Just like last year’s nationwide vote on changing the constitution, Putin needs these elections to reaffirm the legal authority of his regime, including to the elite, who must not be exposed to any temptation to start casting around in search of a successor to Putin. For the president, elections are an unpleasant but unavoidable political checkup: proof that the existing system is effective, fit for purpose, and the best that there is.

This has resulted in a leader who does not want to change anything and who believes that the glorious future has arrived, and in a sizeable part of the elite who feel increasingly uncomfortable with the problematic status quo. It’s like living in a building with decaying foundations: the owner doesn’t want to listen, and the inhabitants are starting to panic and look for a solution: either a gut renovation, or simply stabilizing the existing structures.

Now imagine that those in favor of a gut renovation start shaking the structure to make their argument more convincing, while those who fear big changes and major expenditure introduce stricter rules for the building’s use.

This is how the Russian authorities are approaching the three-day voting in a situation where on the one hand they need to obtain the results that the president wants, and on the other it is tempting to undervalue any victory for United Russia in order to add to doubts over the party’s ability to repeat that result in the future. In other words, this could turn out to be United Russia’s farewell tour in its current lineup.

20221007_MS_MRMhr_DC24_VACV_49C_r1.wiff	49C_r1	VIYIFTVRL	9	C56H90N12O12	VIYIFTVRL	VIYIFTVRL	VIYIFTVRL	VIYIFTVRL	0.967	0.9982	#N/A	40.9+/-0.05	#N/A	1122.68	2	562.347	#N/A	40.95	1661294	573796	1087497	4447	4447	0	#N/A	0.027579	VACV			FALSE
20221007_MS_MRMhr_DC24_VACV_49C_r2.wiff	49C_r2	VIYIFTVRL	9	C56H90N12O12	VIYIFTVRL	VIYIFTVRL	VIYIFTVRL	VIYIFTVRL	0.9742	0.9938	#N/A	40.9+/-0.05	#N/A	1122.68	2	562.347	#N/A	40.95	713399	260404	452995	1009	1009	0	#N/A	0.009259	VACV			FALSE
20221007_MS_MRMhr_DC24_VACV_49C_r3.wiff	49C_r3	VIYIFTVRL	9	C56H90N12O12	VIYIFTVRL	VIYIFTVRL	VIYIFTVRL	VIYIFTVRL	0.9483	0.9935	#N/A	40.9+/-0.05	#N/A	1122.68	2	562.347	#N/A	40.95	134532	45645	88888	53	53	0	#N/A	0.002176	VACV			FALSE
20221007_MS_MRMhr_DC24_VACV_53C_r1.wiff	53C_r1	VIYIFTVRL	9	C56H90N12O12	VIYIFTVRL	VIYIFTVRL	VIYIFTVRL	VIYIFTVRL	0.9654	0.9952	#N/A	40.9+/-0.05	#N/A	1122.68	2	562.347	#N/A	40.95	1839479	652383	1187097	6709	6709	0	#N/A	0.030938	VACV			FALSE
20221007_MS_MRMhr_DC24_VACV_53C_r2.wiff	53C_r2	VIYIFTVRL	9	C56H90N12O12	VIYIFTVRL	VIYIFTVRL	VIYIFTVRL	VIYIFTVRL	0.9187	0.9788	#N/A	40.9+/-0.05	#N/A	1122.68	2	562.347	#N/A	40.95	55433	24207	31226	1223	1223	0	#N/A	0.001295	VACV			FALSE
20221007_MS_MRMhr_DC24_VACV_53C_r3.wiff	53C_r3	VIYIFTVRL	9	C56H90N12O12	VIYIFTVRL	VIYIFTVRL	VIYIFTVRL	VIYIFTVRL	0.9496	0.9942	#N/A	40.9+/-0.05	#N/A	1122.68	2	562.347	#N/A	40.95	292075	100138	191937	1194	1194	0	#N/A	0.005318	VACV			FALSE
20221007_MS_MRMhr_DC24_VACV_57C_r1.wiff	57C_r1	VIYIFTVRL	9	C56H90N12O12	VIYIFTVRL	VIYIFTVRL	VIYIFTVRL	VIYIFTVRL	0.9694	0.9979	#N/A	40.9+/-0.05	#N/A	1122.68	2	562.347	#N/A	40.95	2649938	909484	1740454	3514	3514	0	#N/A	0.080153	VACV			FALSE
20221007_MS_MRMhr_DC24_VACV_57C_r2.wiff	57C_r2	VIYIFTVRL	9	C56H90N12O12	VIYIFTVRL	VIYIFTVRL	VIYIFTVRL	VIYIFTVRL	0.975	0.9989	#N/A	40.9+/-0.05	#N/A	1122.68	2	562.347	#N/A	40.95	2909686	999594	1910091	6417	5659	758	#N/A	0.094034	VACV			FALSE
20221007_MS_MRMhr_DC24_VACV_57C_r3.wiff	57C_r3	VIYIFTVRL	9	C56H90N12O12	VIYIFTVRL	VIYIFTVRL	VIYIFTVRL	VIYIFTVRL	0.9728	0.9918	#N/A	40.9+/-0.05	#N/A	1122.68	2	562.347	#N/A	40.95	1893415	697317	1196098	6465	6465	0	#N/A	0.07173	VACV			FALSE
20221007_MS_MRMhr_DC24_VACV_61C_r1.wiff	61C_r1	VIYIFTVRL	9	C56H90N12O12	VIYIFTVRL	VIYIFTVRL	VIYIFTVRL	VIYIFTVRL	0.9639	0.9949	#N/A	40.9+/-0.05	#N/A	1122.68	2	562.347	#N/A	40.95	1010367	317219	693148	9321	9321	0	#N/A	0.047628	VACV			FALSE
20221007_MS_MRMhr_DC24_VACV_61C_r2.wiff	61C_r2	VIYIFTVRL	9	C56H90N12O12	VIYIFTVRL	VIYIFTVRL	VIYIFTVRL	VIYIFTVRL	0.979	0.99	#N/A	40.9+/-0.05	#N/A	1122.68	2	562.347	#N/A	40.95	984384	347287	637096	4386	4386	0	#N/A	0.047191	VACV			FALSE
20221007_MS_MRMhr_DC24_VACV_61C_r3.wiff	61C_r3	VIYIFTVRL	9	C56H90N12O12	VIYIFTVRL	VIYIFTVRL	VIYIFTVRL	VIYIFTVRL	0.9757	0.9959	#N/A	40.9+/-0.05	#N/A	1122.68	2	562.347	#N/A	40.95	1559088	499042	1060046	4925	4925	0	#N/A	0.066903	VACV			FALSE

The most interesting is still to come, after the elections. The collective discomfort will grow, together with the need to do something — anything — to safeguard the system against erosion. For without a convincing ruling party, the structure of the Putin regime loses its fundamental strength.

And so we come to a fork in the road, where one path leads to a crackdown and a system of repression and no choice, like the Soviet-era Communist Party, while the other path represents an attempt to build a more synthetic and multi-module system in which, no matter how people vote, it is still a vote for the regime. This second path is, of course, also fully compatible with a repressive state.

This explains the growing pressure on the Communist Party: it is an attempt to knock the party off of its central position, and replace it with yet another political project conjured up by the technocrats.

This is the first time in many years that differences (not yet conflicts) over fundamental issues of the functioning of the regime have taken shape so clearly within the Russian power system. We have not seen such clashes over the party system since Kremlin ideologist Vladislav Surkov’s experiments with the Just Russia party back in the 2000s.

The slow erosion of the party of power as a key pillar of the regime is exacerbating fears for the future and, more interestingly still, is devaluing Putin’s role as the chief hardliner and guarantor of stability. The Duma elections are simply compounding the situation, since they are an attempt by the system to reconstruct itself using old logic in a new political reality.

In this new reality, with the “non-system” (real) opposition decimated and politics replaced with administrative procedures, the ruling party is a dinosaur that appears to be losing relevance. Simply achieving the required results at these elections will not solve the problems that will arise after the vote.

The real election — the war between the different approaches to changing the party system — will begin after the new Duma deputies are chosen, and the first sign will be the battle to interpret United Russia’s results. Whoever wins that battle will get a head start in implementing one of the scenarios outlined here.

This article was first published by the Carnegie Moscow Center.

The views expressed in opinion pieces do not necessarily reflect the position of The Moscow Times.